If you’ve never heard the early U2 albums, you may well be mightily impressed by this Hertfordshire outfit who deliver classic big sounding guitar-driven rock with its sights set on arena size venues. The trio, on the other hand, are clearly very familiar with the formative work of Bono and co and have slavishly looked to reproduce it here. Frankly even The Edge might be persuaded he’s actually recorded some of Jon Crosby’s fluttering, soaring, chiming guitar parts himself. Indeed, there are times here that sound as if he’s about to launch into New Year’s Day while his dramatic, passionate vocals are no less closely modelled on Bono’s, right down the way he slips into a rising falsetto.
With Echo & The Bunnymen and Joy Division colours also in evidence, the latter notably so on Ava, there’s no denying they make a blood stirring, emotive sound and they undeniably have an ear for the sort of melody and hooks that have crowds punching the sky. However, with the exception of Defection, the only number here with a chorus you can imagine crowds taking up, what they don’t have are the songs to match the size of the music. There’s nothing wrong with things like Atonement, Resolute and Fallen, but when you so patently set yourself up to draw comparisons with War or The Unforgettable Fire, unless you have songs that can stand alongside Pride or Sunday Bloody Sunday then it’s all just sound and fury. Mike Davies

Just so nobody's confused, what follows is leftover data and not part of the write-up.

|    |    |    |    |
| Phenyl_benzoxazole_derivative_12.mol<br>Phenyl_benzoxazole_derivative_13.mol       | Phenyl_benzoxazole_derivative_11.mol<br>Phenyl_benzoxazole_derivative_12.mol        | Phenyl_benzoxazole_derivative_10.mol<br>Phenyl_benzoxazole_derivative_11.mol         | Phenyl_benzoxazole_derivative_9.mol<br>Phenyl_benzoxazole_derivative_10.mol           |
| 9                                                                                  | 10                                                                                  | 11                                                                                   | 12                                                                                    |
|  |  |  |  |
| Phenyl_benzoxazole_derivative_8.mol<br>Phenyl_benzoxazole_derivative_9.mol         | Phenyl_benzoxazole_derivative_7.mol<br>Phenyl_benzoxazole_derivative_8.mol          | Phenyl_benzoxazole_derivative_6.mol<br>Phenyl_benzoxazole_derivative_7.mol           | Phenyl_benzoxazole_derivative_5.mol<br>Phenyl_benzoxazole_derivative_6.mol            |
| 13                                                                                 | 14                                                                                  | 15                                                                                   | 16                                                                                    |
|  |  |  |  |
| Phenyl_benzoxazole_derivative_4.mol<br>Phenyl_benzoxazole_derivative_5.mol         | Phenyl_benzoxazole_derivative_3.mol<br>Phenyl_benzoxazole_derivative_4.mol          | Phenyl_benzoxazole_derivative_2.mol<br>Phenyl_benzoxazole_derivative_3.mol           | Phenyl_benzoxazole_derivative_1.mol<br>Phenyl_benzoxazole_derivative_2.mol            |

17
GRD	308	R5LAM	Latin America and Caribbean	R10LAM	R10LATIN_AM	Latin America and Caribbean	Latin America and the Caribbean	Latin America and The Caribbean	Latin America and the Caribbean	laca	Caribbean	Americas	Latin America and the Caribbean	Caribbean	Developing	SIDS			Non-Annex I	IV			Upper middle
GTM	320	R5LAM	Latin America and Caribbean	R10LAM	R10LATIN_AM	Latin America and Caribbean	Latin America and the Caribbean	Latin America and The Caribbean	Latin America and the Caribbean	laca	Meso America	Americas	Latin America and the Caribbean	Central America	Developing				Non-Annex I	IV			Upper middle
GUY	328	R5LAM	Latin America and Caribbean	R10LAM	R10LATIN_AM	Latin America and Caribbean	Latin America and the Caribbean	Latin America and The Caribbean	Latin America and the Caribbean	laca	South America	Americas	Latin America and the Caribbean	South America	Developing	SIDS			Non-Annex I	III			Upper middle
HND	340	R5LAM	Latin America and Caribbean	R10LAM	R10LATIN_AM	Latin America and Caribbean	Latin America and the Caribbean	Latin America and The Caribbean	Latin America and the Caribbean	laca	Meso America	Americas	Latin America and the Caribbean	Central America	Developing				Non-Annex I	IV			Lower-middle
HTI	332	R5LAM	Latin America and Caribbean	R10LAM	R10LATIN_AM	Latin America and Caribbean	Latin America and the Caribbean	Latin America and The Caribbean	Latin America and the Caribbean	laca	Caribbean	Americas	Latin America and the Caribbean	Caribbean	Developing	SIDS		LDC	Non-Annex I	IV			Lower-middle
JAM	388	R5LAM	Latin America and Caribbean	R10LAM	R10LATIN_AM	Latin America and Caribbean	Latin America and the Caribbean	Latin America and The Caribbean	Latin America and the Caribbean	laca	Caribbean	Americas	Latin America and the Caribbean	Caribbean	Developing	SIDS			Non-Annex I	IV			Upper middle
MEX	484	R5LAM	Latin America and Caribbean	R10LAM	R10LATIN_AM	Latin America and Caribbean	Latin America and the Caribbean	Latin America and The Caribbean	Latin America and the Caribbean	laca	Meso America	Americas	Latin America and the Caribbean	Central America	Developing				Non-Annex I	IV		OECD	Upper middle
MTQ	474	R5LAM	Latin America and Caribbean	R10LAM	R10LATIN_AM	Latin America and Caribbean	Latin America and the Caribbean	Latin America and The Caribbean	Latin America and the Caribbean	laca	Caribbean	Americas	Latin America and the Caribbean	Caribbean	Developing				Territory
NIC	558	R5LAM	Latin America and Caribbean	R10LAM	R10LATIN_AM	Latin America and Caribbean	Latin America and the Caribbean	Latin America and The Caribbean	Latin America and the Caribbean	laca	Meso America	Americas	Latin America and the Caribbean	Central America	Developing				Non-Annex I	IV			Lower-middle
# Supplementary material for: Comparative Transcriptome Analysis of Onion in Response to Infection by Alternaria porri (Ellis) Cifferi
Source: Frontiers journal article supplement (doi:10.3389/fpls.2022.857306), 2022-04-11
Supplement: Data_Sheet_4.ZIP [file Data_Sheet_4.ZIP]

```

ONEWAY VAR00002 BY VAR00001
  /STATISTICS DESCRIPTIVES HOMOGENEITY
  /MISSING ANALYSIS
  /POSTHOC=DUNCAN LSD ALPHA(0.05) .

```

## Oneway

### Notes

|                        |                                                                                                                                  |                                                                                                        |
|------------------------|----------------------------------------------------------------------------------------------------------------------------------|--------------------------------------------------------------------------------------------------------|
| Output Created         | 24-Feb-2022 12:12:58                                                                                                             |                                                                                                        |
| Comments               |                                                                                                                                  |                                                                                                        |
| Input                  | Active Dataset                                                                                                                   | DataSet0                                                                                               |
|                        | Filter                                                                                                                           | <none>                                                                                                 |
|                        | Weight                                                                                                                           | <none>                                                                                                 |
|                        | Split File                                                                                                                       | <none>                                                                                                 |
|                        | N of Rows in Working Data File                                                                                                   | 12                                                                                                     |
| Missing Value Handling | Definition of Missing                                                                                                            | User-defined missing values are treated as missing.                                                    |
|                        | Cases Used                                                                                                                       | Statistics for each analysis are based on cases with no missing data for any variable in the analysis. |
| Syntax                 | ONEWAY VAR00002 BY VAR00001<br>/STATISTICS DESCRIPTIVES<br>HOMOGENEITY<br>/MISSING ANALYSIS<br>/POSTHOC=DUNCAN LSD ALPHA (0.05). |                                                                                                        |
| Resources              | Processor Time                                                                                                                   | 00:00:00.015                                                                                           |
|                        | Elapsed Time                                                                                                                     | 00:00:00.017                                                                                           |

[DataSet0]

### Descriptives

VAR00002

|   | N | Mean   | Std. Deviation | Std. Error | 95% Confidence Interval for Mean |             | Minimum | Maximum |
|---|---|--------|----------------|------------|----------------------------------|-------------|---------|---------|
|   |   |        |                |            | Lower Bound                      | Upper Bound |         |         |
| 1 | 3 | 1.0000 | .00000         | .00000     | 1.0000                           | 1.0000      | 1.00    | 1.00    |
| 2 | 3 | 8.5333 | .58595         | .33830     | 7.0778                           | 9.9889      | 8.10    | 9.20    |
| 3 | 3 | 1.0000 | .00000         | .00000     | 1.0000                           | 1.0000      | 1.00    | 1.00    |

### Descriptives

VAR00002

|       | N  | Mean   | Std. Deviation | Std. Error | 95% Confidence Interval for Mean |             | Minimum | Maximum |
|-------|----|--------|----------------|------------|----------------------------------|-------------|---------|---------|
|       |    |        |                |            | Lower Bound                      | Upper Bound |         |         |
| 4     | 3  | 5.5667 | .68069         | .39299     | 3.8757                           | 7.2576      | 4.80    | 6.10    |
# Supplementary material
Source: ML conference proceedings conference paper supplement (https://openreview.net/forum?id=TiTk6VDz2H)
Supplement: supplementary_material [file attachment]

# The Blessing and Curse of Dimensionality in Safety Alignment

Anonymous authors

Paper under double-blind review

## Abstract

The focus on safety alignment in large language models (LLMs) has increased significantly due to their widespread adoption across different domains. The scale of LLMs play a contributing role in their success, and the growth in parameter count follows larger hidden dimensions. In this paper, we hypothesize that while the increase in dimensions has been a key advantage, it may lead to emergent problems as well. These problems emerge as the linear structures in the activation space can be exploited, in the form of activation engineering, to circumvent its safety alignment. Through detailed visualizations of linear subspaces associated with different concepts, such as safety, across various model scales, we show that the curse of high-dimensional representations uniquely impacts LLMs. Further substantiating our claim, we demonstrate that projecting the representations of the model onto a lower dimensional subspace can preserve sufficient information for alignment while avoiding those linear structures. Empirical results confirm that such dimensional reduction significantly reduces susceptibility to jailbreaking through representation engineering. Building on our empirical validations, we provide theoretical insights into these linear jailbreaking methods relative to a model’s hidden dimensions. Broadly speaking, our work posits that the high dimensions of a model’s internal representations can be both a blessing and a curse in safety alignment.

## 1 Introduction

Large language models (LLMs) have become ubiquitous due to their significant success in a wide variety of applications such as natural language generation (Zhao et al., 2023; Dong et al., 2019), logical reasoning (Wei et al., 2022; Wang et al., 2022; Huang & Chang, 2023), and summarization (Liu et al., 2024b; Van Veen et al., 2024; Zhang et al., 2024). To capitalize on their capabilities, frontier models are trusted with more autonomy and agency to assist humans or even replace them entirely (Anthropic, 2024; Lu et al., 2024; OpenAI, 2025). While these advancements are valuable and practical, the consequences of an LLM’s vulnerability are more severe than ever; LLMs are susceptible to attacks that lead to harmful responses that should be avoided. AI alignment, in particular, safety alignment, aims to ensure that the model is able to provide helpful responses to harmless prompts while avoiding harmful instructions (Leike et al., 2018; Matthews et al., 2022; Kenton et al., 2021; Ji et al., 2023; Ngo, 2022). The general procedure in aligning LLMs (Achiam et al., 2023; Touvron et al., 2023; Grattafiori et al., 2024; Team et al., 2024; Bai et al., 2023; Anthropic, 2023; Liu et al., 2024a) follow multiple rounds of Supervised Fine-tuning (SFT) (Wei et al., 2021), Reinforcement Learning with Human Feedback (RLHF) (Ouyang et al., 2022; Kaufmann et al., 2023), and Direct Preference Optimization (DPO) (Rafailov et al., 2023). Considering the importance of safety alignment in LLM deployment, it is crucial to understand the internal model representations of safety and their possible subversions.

THE LEN PRICE 3
Nobody Knows (JLM)
The third album from the Medway trio offers absolutely no departures from their previous offerings, so fans can be assured they’ll get the same servings of r&b fuelled 60s garage pop steeped in memories of The Who, The Creation, Small Faces, Beatles and the Kinks, although this time they’ve kept their eye on this side of the Atlantic so there’s no Byrds-style Rickenbackers.
Again clocking in at 13 tracks, they’ve stretched out a little in that this time four numbers go past the three minute mark, chugging closing track The London Institute with its psychedelic freak out mid-section even pushing it to four, but such epics don’t mean they’ve gone in for any muso self-indulgence, the tracks all still lean and melodic with catchy riffs, hooks and choruses.
Opening with Nobody Knows, a vintage slice of raw riff driven Kinksian rock inspired by the suicide of one of his childhood neighbours, Glenn Page’s songs lean heavily on autobiography and personal experience, the most immediate being My Grandad Jim, a song about his grandfather veteran of the D-Day landings that shares its musical DNA with such early Who songs a s I’m A Boy, but also evident in Wigmore Swingers’ account of council estate wife-swapping. The Ray Davies-shaded Lonely’s tale of a bitter former work colleague who took it out on everyone else and Vultures’ observation on family funerals and grasping relatives.